Information is facts or data that can be represented and conveyed in a symbolic representation (Apple, 2011). Knowledge refers to facts, information, or skills people gain from experience and learning. Knowledge can be practical or theoretical. It can be equated to understanding the context in which the facts, information or skills come into play (Apple, 2011). Knowledge is different than information. Information can exist in a database, but is meaningless until a person makes connections and understands it.  Knowledge exists in people’s minds with contextualization of the data. Words like details, facts, and data describe information. Words like insight, expertise, and ideas describe knowledge. I could break knowledge down into three categories, explicit, implicit, and tacit, but that would be beyond the scope of this essay.

Through the study of both the traditional and the evolving role of the archivist I have come to see that there is no separation between archivist and records manager. The role of archivist has been evolving from “keeper of the inherent truth” to one of “selection and cataloging” or rather “selection and tagging” with the advent of the digital age. It is only through the comparison of the Life-Cycle model to the Records Continuum model, where I see the paths of archivist and records managers collide. I see that the adherents of the Life-Cycle model prefer to keep their archives and records in perfect order, in a hierarchical structure where items that are in close proximity have greater similarities than those that are found at the beginning and end. The Life-Cyclist carefully selects items (information) and gives them context (knowledge). “Archivists tell stories about stories, they tell stories with stories” (Lane & Hill, 2011).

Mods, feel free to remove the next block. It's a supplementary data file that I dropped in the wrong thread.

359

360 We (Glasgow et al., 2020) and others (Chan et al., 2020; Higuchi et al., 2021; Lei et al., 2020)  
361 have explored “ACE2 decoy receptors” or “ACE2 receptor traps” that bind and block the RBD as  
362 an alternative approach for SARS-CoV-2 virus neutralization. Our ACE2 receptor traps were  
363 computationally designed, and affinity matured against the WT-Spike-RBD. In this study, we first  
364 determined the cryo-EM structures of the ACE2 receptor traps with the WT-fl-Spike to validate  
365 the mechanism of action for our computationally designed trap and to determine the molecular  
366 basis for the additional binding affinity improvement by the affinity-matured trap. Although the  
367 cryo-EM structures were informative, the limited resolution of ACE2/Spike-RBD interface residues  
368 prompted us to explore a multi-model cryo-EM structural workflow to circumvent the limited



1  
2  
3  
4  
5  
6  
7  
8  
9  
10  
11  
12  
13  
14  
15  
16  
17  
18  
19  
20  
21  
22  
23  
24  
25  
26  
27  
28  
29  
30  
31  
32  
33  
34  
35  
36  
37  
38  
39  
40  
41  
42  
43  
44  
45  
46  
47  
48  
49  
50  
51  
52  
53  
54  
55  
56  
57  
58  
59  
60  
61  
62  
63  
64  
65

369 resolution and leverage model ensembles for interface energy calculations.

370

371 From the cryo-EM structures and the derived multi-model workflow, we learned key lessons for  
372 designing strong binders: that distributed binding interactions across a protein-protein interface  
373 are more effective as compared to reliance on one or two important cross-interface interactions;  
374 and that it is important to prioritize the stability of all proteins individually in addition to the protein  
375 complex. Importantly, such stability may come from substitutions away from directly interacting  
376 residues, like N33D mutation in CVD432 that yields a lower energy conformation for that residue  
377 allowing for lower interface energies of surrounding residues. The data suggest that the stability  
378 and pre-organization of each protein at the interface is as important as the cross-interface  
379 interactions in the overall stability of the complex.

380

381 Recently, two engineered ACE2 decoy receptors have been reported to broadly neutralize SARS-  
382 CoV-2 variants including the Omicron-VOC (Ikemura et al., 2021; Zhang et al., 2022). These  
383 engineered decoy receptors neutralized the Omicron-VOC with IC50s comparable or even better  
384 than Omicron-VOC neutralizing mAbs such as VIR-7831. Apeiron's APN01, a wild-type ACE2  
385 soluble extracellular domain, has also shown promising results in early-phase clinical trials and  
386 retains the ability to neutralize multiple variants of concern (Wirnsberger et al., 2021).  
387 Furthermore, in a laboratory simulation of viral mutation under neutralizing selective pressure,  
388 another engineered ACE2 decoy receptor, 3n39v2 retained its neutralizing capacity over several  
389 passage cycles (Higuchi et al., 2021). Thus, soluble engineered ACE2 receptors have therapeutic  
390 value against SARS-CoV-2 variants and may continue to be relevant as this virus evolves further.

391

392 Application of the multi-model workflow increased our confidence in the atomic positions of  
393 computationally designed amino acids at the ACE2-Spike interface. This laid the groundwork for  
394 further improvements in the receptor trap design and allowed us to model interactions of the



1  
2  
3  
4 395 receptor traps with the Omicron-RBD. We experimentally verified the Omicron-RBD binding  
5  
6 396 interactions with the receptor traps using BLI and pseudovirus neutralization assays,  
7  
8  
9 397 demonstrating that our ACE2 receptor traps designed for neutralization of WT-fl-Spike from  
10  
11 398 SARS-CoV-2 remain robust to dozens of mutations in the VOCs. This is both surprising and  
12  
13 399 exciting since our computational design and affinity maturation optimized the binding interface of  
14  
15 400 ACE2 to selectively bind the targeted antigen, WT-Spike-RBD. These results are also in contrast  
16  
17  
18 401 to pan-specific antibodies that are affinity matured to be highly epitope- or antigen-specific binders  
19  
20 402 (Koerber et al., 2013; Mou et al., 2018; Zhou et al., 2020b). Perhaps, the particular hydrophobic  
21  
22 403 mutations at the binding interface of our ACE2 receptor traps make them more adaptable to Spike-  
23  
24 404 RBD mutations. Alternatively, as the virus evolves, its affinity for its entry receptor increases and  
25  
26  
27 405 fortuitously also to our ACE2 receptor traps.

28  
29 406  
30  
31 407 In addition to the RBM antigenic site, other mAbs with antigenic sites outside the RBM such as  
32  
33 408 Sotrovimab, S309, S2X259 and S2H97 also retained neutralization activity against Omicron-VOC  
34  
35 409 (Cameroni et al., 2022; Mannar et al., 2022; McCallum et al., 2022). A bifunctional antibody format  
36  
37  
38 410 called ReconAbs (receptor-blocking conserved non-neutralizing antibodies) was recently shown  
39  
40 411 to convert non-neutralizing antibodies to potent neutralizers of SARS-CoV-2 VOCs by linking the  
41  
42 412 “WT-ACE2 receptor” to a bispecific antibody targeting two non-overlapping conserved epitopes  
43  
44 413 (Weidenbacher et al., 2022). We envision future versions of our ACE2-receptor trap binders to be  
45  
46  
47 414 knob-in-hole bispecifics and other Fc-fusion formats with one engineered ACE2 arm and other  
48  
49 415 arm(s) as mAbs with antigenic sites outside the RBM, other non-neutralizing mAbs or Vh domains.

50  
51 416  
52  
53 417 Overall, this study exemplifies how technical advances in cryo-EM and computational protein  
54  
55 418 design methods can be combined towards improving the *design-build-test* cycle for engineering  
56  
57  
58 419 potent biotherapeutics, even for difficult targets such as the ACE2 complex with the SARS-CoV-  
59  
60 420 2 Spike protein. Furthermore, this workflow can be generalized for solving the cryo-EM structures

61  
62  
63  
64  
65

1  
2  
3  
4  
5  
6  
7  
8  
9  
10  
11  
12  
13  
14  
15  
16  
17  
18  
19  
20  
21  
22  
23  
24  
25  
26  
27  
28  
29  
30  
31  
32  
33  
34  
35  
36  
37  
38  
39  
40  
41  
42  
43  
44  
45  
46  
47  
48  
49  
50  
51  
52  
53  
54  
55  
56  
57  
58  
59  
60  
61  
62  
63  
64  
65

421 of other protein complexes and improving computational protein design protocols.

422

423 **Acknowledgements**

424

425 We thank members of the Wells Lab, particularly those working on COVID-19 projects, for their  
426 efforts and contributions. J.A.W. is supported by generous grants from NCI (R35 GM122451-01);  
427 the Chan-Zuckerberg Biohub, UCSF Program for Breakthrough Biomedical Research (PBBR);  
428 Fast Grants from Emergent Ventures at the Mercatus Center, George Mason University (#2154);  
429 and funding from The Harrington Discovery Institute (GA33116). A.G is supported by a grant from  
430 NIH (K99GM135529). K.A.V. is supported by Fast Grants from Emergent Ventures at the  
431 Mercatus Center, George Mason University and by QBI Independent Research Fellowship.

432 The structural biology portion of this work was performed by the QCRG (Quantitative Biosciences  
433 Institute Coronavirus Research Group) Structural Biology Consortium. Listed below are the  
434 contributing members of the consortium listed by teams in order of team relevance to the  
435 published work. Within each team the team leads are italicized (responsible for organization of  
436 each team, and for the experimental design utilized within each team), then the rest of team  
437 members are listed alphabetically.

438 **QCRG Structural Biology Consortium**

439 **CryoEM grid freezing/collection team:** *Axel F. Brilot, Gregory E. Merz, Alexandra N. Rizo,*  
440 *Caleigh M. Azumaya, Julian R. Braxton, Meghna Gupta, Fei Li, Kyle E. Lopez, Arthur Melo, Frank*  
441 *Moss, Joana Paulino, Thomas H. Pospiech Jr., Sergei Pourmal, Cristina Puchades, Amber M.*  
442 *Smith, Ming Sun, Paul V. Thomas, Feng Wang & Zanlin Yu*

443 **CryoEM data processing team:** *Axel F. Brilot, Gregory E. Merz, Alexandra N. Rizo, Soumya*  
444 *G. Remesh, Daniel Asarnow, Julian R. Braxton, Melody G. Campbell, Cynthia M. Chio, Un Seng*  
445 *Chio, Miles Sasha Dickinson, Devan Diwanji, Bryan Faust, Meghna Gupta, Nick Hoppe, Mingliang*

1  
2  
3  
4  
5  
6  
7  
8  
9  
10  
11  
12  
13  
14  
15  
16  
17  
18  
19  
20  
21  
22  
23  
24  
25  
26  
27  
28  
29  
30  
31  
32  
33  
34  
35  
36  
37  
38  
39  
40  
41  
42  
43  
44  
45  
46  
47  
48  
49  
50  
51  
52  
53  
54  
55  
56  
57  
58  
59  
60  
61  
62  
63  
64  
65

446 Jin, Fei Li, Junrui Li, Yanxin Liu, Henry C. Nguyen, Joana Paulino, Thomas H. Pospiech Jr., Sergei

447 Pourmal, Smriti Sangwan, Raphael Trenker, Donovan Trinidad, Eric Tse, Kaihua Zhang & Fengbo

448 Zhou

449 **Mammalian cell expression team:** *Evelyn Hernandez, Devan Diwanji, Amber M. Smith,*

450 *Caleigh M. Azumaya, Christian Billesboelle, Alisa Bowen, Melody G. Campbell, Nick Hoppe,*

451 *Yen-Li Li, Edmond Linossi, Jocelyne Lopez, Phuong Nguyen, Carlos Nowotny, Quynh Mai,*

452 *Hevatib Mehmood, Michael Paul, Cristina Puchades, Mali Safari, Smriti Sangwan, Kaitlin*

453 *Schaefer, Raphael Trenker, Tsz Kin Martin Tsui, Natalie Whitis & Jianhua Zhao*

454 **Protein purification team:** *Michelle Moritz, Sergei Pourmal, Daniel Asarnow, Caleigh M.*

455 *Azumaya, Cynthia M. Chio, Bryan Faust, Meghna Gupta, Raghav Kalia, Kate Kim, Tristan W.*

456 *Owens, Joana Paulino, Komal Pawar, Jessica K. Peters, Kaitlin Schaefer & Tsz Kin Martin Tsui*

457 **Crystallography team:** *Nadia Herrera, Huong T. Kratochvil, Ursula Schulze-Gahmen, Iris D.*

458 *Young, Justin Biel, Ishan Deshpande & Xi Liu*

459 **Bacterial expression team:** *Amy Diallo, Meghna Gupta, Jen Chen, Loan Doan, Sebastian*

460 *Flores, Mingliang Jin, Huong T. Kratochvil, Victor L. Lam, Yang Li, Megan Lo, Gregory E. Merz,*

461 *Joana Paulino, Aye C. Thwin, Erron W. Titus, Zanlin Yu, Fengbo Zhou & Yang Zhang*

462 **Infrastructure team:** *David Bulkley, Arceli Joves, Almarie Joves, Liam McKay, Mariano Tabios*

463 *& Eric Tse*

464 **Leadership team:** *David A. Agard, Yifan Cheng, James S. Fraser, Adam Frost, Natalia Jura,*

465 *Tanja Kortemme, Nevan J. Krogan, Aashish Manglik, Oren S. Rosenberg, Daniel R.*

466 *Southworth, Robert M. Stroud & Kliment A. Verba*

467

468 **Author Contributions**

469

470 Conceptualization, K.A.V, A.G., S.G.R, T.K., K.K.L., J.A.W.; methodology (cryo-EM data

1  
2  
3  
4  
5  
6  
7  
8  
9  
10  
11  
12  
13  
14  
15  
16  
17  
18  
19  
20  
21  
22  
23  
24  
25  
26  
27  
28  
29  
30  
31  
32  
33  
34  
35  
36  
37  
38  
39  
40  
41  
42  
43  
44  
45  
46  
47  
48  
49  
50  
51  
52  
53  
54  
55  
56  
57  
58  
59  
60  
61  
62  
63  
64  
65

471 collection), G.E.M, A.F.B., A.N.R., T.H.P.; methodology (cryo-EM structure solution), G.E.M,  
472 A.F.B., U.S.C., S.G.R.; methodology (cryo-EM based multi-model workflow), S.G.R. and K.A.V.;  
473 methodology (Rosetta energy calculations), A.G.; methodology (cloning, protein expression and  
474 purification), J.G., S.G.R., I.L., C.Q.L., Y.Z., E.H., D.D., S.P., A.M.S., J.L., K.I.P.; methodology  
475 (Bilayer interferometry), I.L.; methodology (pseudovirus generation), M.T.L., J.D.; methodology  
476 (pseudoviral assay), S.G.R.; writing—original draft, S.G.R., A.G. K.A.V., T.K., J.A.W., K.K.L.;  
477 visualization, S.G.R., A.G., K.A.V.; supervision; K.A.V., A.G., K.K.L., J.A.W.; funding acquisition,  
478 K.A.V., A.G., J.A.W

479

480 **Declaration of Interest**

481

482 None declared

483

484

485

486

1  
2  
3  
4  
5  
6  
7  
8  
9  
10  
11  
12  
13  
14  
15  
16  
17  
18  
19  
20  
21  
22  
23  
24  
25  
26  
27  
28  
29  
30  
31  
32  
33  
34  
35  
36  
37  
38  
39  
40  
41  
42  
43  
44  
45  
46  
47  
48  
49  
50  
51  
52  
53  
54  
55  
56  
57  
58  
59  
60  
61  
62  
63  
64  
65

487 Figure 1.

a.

On the other hand, the Records Continuum model takes full advantage of the versatility of the internet. On the Web, information comes to a user associatively; one can follow a path of greater complexity until new knowledge is created. Context and associations are the aim of the adherent of the Records Continuum, allowing the opportunity to organize information without the limits of a pre-determined file structure. There is no beginning, middle and end, as found in the Life-Cycle model, there is only tagging. It is like the “infinite probability drive” described in the Hitchhiker’s Guide to the Galaxy: “it passes through every conceivable point in every conceivable universe almost simultaneously” (Adams 1979).